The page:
Former Quebec lieutenant-governor Lise Thibault will remain behind bars until at least next Tuesday.
Her lawyer, Marc Labelle, wanted to seek leave to appeal on Thursday, a day after Thibault was sentenced to 18 months in jail on fraud and breach of trust charges.
Labelle said she should have been released because of her ailing health.
The Crown prosecutor in the case argued he needed more time to prepare his case and a Quebec Court of Appeal justice ruled he had not been convinced of the urgency for Thibault, 76, to be released so quickly.
Instead, Quebec's top court will hear Labelle on Tuesday as well as his arguments that his client should be freed pending the appeal proceedings.
Thibault was charged two years after a 2007 report by the federal and provincial auditors general revealed she claimed more than $700,000 in improper expenses when she held the vice-regal post between 1997 and 2007.
In sentencing Thibault, Quebec court Judge Carol St-Cyr called her behaviour "highly reprehensible" and part of a "culture of deceit."
Her trial heard the money was spent on gifts, trips, parties, meals and skiing and golf lessons.
St-Cyr also ordered Thibault to reimburse $200,000 to Ottawa and $100,000 to Quebec.
Labelle, who had been seeking a sentence to be served in the community, called St-Cyr's ruling "severe."
"Jail is supposed to be the last resort — that's what the law says," he said Wednesday. "So we're saying she should have been given that chance and not be incarcerated."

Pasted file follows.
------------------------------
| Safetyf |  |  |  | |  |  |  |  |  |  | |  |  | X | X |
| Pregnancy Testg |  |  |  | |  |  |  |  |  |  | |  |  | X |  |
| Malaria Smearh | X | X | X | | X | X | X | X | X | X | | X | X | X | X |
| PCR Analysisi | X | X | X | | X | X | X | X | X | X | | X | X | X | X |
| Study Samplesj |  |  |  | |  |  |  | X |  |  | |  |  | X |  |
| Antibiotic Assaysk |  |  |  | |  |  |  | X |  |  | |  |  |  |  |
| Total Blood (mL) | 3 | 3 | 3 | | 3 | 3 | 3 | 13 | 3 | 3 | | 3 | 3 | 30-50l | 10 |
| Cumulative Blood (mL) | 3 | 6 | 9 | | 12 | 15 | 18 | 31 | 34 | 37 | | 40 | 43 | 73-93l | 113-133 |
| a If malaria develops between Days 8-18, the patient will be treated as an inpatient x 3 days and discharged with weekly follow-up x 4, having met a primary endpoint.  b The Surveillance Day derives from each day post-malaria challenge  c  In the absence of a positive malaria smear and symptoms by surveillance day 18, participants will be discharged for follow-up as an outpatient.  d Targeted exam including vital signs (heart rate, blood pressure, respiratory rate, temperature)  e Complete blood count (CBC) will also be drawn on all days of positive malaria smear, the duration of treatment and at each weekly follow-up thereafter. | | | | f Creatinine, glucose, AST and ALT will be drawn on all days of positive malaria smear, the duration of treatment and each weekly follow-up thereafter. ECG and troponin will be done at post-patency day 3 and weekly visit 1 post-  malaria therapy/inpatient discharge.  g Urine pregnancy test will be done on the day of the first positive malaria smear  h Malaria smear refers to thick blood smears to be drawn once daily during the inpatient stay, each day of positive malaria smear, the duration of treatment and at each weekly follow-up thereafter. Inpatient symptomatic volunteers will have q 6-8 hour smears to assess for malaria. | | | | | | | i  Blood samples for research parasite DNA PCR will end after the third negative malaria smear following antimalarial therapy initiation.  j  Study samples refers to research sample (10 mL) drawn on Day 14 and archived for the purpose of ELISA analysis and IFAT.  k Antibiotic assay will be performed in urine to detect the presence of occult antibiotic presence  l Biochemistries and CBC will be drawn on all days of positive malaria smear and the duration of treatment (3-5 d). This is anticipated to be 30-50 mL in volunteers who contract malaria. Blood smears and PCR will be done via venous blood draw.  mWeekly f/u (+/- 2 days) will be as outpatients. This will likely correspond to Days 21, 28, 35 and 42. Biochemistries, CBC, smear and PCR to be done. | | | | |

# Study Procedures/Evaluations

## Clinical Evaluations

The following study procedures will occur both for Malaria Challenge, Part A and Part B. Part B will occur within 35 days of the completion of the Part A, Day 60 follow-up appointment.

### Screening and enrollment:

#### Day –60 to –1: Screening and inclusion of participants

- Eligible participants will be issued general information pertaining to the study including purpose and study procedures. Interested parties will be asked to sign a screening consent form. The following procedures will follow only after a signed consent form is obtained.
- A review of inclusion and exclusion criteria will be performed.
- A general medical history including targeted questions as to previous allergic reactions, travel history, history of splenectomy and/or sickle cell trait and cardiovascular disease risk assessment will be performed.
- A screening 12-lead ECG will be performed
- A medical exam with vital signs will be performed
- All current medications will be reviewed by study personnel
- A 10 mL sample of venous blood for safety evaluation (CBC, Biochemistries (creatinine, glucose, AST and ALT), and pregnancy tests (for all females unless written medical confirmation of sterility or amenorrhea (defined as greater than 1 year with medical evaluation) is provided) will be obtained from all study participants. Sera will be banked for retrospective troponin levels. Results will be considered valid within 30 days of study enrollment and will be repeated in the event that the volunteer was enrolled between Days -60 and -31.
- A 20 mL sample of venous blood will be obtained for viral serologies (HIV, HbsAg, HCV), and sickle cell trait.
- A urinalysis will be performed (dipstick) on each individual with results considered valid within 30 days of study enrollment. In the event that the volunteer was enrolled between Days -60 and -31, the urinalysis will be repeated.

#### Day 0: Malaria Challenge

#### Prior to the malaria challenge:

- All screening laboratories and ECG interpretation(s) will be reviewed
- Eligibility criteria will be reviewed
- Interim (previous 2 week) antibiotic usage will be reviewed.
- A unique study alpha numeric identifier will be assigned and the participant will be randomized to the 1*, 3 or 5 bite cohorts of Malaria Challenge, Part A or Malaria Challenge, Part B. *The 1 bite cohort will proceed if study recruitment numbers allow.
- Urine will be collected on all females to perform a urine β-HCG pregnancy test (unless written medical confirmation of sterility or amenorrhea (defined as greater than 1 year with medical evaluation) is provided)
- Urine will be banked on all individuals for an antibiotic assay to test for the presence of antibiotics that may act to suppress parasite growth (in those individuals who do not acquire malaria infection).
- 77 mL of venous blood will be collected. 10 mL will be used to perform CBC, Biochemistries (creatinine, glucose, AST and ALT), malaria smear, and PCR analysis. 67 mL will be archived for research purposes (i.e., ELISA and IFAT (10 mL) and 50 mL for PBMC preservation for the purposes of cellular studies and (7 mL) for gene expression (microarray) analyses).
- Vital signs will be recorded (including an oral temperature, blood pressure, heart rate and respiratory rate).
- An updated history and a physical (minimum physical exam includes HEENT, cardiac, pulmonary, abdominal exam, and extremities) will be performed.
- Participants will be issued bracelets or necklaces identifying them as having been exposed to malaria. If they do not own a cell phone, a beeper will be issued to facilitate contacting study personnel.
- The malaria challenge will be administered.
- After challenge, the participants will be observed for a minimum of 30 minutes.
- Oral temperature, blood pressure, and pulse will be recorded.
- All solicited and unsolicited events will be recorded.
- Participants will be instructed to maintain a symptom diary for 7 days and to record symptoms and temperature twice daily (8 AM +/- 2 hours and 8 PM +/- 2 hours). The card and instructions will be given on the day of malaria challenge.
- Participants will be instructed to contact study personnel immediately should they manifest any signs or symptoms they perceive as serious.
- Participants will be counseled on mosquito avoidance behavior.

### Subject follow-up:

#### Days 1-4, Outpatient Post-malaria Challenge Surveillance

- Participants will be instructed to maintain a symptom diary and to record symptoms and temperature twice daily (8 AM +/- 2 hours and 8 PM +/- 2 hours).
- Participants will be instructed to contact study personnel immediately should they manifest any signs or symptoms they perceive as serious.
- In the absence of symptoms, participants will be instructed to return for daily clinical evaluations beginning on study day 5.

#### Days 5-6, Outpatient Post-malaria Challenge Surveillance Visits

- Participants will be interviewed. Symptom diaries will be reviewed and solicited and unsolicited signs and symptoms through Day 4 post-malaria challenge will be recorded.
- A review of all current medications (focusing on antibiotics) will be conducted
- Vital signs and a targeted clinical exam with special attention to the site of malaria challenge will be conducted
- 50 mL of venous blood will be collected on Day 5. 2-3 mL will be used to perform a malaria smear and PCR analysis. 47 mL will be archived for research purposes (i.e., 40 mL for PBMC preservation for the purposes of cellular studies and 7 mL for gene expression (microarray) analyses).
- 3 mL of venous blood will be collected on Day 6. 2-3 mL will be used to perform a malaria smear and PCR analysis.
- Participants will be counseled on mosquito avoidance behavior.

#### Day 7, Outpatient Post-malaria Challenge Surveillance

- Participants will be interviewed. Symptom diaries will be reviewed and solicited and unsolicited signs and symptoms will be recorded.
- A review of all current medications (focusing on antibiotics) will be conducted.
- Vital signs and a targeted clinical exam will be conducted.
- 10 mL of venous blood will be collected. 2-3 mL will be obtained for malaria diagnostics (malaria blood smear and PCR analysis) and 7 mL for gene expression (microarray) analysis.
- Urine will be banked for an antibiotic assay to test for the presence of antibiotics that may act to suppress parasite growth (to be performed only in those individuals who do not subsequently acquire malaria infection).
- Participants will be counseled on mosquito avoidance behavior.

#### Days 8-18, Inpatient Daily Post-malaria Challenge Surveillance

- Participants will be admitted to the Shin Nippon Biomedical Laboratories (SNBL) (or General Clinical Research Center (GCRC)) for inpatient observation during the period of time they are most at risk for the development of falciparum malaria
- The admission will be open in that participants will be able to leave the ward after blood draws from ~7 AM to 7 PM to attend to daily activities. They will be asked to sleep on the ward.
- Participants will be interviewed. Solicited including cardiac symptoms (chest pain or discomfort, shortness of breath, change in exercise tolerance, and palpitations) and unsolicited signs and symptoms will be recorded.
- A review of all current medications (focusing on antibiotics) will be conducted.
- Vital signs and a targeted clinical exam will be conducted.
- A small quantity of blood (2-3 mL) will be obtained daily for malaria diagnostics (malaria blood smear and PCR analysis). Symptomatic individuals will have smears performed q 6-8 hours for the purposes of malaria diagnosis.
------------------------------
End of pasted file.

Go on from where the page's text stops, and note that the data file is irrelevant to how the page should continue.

Besides a four-year prison sentence for Thibault, the Crown was seeking the reimbursement of $430,000.
Thibault originally pleaded not guilty but switched pleas last December because, according to Labelle, she came to a better understanding of the evidence and the law.
She testified at the trial she had little to show financially for her time as vice-regal — that a divorce ate into her savings and that she lived on a $30,000 pension.
St-Cyr also ruled against a pair of motions filed by Labelle, who argued the case should be dismissed because the accused benefited from royal immunity.
Labelle said that meant Thibault was not a civil servant and therefore could not face criminal charges.
The judge said that, according to constitutional law, the lieutenant-governor does not enjoy the same benefits as the Queen.
St-Cyr also noted that under the Constitution, the lieutenant-governor is a civil servant, adding such an affirmation is even posted on the lieutenant-governor's website.